lack of health literacy among the staff of institutions, which provide

care for refugees and asylum seekers means that there is a lack of

knowledge about the main symptoms of common mental health

problems among these groups. The healthcare services, which are

currently available, are not well prepared for these increasing spe-

cific groups. In dealing with ethnic minorities, including asylum

seekers and refugees, mental healthcare professionals need to be

culturally competent.

In this talk, main models for providing mental health care for

migrants and refugees will be presented and discussed.

Disclosure of interest

The author has not supplied his declaration

of competing interest.


Cultural competence training and

mental health care in refugees and

asylum seekers

D. Bhugra

Institute of Psychiatry, Psychology & Ne, London, United Kingdom

Recent mass movement of human beings in various parts of the

world has brought several challenges. Not only refugees from Syria

and Libya to Europe but also refugees, migrants and asylum seek-

ers in Latin America bring specific set of issues with them. It is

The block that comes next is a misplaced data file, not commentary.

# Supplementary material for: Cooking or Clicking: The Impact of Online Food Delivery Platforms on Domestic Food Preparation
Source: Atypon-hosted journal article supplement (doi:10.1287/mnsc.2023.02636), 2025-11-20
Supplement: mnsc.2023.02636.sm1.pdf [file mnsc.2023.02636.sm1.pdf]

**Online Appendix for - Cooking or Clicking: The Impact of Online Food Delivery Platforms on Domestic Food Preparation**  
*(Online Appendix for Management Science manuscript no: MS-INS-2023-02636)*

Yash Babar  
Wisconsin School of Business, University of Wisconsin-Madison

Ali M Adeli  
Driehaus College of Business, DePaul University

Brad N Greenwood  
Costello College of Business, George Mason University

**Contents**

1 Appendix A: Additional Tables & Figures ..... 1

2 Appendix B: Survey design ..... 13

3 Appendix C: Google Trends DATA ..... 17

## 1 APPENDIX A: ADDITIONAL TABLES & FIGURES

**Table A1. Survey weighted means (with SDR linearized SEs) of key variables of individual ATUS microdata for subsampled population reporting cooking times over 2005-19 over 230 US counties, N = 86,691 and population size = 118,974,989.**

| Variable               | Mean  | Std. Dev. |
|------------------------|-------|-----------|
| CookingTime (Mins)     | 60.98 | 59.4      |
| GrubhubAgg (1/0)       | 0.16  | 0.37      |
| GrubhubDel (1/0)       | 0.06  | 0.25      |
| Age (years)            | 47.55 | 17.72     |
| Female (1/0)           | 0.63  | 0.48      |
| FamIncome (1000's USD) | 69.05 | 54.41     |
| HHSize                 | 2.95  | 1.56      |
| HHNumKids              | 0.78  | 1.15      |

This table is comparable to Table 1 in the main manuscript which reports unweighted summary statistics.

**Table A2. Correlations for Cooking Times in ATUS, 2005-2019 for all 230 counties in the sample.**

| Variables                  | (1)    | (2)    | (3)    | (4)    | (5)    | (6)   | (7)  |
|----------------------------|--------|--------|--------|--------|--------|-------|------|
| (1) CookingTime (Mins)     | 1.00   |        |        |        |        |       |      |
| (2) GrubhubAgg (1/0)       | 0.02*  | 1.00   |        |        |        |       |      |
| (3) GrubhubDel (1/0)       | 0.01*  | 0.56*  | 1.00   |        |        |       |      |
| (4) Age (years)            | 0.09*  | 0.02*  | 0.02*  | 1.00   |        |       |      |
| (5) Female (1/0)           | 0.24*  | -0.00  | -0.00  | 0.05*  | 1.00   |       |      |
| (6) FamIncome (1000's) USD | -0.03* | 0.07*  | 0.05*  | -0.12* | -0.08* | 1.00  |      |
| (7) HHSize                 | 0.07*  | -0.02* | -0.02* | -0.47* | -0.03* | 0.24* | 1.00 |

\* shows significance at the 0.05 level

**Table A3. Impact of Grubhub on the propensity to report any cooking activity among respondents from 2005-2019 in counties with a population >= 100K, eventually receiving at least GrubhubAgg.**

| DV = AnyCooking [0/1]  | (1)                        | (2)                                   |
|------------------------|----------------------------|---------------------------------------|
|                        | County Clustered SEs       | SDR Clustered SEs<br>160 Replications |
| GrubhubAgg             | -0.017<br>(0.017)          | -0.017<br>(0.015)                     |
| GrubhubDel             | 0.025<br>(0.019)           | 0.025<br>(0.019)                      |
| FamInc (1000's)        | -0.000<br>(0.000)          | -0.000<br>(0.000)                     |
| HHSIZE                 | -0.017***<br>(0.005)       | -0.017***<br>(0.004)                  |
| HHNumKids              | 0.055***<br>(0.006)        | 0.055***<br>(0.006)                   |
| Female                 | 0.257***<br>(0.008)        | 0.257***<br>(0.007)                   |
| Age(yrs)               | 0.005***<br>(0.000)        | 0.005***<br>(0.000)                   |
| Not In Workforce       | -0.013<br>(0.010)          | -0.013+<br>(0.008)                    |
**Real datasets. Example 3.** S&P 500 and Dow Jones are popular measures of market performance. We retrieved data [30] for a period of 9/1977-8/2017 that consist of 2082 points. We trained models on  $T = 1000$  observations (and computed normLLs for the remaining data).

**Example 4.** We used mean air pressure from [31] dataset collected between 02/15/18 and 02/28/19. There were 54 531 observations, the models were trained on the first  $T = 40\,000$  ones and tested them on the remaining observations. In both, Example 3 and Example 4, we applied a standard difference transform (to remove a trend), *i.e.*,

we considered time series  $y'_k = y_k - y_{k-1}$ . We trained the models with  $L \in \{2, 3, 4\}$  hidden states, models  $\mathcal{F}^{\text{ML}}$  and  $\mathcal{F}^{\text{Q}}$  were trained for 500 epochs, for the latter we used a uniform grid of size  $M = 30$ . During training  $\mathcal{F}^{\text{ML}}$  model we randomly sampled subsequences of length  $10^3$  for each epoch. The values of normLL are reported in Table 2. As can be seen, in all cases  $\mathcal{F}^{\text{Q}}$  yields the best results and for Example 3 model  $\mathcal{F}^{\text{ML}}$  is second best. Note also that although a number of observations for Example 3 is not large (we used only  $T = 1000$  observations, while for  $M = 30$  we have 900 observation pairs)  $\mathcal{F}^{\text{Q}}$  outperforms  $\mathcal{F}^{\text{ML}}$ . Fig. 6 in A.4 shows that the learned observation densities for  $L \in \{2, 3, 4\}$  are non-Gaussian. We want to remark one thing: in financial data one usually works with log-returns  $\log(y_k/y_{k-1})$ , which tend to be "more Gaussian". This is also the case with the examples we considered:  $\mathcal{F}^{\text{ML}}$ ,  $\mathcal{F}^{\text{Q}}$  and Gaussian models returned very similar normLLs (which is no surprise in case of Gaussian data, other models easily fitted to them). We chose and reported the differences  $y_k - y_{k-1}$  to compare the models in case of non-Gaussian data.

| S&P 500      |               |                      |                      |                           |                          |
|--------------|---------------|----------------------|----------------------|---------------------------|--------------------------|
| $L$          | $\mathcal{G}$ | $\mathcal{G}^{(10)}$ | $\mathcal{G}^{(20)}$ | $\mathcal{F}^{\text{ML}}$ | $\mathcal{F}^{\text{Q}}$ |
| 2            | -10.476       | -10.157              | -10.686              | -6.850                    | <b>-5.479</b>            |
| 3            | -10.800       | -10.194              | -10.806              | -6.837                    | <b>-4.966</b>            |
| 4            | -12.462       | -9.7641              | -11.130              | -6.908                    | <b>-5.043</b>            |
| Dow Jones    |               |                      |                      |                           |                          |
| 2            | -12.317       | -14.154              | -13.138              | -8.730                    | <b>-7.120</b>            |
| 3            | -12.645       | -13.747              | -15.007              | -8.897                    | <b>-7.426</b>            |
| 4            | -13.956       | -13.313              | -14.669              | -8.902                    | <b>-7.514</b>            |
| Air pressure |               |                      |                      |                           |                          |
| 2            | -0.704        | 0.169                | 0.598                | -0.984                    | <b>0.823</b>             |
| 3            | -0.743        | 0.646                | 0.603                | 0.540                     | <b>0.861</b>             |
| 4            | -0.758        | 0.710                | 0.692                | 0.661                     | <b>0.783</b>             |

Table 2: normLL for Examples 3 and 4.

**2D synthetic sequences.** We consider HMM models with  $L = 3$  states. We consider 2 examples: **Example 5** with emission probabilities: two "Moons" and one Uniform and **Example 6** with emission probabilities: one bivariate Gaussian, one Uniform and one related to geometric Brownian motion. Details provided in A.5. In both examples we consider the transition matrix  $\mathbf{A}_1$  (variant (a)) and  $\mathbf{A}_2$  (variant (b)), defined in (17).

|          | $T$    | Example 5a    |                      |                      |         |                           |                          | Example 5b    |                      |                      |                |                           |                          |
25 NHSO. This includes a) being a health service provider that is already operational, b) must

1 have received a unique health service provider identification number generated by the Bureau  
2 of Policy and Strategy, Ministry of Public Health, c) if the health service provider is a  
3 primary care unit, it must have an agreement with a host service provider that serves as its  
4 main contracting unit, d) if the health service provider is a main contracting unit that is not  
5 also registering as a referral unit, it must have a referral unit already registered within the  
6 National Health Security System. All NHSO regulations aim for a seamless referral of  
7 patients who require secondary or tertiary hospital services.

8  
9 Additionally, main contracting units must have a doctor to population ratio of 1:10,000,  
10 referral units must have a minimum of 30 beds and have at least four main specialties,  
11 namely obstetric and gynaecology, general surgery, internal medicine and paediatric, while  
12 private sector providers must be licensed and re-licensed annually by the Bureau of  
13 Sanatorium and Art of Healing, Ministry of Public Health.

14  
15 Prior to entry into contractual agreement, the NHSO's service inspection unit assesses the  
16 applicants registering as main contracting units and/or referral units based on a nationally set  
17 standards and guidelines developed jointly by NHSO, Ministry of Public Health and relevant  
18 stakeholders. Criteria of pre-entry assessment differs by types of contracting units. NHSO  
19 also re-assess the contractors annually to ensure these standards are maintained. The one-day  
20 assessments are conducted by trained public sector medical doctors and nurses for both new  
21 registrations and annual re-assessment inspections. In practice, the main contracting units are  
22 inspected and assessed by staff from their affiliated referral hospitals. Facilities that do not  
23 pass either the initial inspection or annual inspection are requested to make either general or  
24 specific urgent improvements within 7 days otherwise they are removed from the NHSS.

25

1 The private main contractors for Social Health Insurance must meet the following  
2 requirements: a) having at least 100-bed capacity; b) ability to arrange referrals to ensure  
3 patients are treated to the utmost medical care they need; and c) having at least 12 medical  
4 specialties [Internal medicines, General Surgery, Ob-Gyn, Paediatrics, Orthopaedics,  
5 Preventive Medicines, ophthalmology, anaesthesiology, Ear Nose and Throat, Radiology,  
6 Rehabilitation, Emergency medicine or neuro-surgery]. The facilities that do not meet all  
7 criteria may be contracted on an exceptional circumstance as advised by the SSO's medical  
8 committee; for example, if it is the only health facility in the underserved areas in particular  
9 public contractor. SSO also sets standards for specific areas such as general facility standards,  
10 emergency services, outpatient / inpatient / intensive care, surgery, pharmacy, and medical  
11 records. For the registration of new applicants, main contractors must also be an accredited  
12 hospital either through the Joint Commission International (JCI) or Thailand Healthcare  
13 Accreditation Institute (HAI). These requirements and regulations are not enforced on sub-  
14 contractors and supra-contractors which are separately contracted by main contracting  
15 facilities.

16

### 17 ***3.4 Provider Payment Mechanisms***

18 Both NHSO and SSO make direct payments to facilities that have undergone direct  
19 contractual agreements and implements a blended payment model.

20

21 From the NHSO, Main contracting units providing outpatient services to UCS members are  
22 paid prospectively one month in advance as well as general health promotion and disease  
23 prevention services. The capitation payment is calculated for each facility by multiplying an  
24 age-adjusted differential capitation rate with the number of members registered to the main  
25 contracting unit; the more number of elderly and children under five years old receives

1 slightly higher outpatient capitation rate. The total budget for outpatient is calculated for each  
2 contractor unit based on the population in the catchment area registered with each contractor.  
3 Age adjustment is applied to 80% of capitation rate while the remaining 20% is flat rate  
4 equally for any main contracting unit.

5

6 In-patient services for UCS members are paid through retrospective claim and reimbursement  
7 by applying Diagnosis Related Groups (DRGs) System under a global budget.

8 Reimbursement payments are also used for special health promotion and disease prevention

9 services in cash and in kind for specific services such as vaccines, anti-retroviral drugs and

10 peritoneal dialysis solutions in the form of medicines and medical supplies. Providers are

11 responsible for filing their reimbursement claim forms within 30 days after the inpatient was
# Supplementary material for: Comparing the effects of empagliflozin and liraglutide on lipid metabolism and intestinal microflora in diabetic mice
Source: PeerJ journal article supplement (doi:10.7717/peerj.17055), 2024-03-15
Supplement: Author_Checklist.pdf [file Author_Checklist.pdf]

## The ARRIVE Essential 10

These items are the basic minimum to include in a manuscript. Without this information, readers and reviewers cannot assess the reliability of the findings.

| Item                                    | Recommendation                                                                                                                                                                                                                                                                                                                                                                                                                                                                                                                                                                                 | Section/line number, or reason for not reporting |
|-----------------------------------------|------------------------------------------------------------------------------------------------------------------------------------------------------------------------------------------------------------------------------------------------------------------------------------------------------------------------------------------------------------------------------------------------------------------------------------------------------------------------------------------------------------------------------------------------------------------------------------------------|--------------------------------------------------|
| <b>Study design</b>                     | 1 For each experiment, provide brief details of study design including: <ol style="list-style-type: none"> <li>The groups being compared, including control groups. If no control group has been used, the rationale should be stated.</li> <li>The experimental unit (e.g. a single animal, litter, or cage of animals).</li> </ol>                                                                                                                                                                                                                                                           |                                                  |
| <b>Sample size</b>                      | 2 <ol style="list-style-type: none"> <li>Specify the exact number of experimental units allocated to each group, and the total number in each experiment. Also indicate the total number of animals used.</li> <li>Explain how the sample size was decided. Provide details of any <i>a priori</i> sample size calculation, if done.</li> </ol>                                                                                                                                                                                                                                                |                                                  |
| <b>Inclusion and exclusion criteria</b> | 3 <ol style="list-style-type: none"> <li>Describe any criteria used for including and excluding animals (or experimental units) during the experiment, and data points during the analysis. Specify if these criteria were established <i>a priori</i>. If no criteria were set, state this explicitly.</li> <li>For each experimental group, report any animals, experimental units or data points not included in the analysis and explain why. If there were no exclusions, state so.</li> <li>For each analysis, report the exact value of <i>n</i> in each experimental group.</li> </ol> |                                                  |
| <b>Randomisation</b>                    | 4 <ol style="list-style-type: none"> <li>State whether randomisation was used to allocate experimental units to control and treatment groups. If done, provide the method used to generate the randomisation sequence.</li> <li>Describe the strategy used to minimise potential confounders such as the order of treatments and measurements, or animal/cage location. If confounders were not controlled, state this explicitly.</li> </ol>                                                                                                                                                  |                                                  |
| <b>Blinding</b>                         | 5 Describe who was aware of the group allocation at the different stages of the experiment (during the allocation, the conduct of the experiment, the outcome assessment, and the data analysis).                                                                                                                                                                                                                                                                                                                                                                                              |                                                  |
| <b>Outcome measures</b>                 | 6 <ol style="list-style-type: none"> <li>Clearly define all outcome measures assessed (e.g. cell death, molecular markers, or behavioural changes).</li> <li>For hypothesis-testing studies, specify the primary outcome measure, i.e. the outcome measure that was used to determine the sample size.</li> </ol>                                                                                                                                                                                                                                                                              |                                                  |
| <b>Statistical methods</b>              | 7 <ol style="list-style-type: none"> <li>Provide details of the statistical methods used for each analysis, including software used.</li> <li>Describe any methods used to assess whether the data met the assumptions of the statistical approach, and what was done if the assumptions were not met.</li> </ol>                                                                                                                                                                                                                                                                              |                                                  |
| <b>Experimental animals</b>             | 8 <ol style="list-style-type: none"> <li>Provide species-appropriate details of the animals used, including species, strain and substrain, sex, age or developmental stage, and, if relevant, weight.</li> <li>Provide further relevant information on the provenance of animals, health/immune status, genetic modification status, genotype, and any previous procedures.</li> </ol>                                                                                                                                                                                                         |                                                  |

critical that clinicians are aware of both the vulnerability of indi-

viduals to mental ill health as a result of migratory experiences

but equally importantly their resilience. The impact on the mental

health of those who may be involved directly or indirectly in deliv-

ering care along with those new communities who receive these

groups need to be taken into account when planning and delivering

psychiatric services. It is essential to recognise that experiences of

being a refugee or asylum seeker are heterogeneous. Being an asy-

lum seeker carries with it legal definitions and legal imperatives

agreed at international levels.

Policymakers and clinicians need to be aware of differential rates

of psychiatric disorders in these vulnerable individuals and spe-

cific needs related to language, religious values and other cultural

factors. Mental health problemsmay be related to experiencing cul-

tural bereavement where individuals feel that they have lost their

cultures, relationships and cultural values. Judicious and careful

use of trained culture brokers and mediators should be encouraged

as these individuals can inform the team about community needs

and inform the community about the team functioning and its

principles so that community expectations can be managed appro-

priately. Such approaches may also help reduce stigma against

mental illness.

Disclosure of interest

The author has not supplied his declaration

of competing interest.


Suicide risk in refugees and asylum


D. Wasserman

Karolinska Institute, National Centre for Suicide Research and

Prevention of Mental-Ill Health NASP, Stockholm, Sweden

Increasing numbers of individuals forced to leave their home

countries in areas of war, conflict, human rights violations and

persecution pose a challenge for host countries to meet the

mental-health care needs of these individuals. Refugees and

asylum-seekers may face unique risk factors for mental disorder

before, during, and after their migration leading to suicidality.